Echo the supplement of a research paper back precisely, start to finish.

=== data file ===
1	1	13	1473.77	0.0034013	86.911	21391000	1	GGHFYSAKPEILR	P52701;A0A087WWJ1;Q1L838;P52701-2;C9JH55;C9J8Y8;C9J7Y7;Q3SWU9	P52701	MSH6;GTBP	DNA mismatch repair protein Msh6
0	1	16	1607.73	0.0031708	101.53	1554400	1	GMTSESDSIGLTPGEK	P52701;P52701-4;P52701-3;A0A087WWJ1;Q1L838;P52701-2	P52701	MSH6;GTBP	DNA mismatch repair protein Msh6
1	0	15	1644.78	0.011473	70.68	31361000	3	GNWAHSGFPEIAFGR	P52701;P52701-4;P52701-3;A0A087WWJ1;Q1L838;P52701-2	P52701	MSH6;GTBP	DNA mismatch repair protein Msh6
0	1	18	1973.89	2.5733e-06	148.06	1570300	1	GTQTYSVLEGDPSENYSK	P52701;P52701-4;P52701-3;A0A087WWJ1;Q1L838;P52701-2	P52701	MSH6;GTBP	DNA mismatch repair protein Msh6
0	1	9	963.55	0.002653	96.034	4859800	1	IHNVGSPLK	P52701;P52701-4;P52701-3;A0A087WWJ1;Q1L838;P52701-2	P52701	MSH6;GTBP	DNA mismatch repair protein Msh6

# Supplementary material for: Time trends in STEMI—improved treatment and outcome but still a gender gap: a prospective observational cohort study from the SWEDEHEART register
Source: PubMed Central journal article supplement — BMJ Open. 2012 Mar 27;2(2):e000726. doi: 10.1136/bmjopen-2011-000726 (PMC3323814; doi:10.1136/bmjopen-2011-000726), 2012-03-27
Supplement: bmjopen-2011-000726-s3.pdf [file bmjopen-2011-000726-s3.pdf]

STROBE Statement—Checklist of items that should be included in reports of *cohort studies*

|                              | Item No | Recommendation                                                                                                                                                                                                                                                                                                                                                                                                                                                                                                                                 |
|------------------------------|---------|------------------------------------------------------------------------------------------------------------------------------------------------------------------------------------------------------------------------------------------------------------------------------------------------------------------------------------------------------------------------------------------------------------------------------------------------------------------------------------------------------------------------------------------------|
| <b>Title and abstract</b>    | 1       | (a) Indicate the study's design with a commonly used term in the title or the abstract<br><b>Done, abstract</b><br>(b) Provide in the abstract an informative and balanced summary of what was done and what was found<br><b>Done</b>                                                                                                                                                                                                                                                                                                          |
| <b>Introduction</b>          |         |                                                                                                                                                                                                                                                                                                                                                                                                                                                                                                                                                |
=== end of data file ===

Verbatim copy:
1	1	13	1473.77	0.0034013	86.911	21391000	1	GGHFYSAKPEILR	P52701;A0A087WWJ1;Q1L838;P52701-2;C9JH55;C9J8Y8;C9J7Y7;Q3SWU9	P52701	MSH6;GTBP	DNA mismatch repair protein Msh6
0	1	16	1607.73	0.0031708	101.53	1554400	1	GMTSESDSIGLTPGEK	P52701;P52701-4;P52701-3;A0A087WWJ1;Q1L838;P52701-2	P52701	MSH6;GTBP	DNA mismatch repair protein Msh6
1	0	15	1644.78	0.011473	70.68	31361000	3	GNWAHSGFPEIAFGR	P52701;P52701-4;P52701-3;A0A087WWJ1;Q1L838;P52701-2	P52701	MSH6;GTBP	DNA mismatch repair protein Msh6
0	1	18	1973.89	2.5733e-06	148.06	1570300	1	GTQTYSVLEGDPSENYSK	P52701;P52701-4;P52701-3;A0A087WWJ1;Q1L838;P52701-2	P52701	MSH6;GTBP	DNA mismatch repair protein Msh6
0	1	9	963.55	0.002653	96.034	4859800	1	IHNVGSPLK	P52701;P52701-4;P52701-3;A0A087WWJ1;Q1L838;P52701-2	P52701	MSH6;GTBP	DNA mismatch repair protein Msh6

# Supplementary material for: Time trends in STEMI—improved treatment and outcome but still a gender gap: a prospective observational cohort study from the SWEDEHEART register
Source: PubMed Central journal article supplement — BMJ Open. 2012 Mar 27;2(2):e000726. doi: 10.1136/bmjopen-2011-000726 (PMC3323814; doi:10.1136/bmjopen-2011-000726), 2012-03-27
Supplement: bmjopen-2011-000726-s3.pdf [file bmjopen-2011-000726-s3.pdf]

STROBE Statement—Checklist of items that should be included in reports of *cohort studies*

|                              | Item No | Recommendation                                                                                                                                                                                                                                                                                                                                                                                                                                                                                                                                 |
|------------------------------|---------|------------------------------------------------------------------------------------------------------------------------------------------------------------------------------------------------------------------------------------------------------------------------------------------------------------------------------------------------------------------------------------------------------------------------------------------------------------------------------------------------------------------------------------------------|
| <b>Title and abstract</b>    | 1       | (a) Indicate the study's design with a commonly used term in the title or the abstract<br><b>Done, abstract</b><br>(b) Provide in the abstract an informative and balanced summary of what was done and what was found<br><b>Done</b>                                                                                                                                                                                                                                                                                                          |
| <b>Introduction</b>          |         |                                                                                                                                                                                                                                                                                                                                                                                                                                                                                                                                                |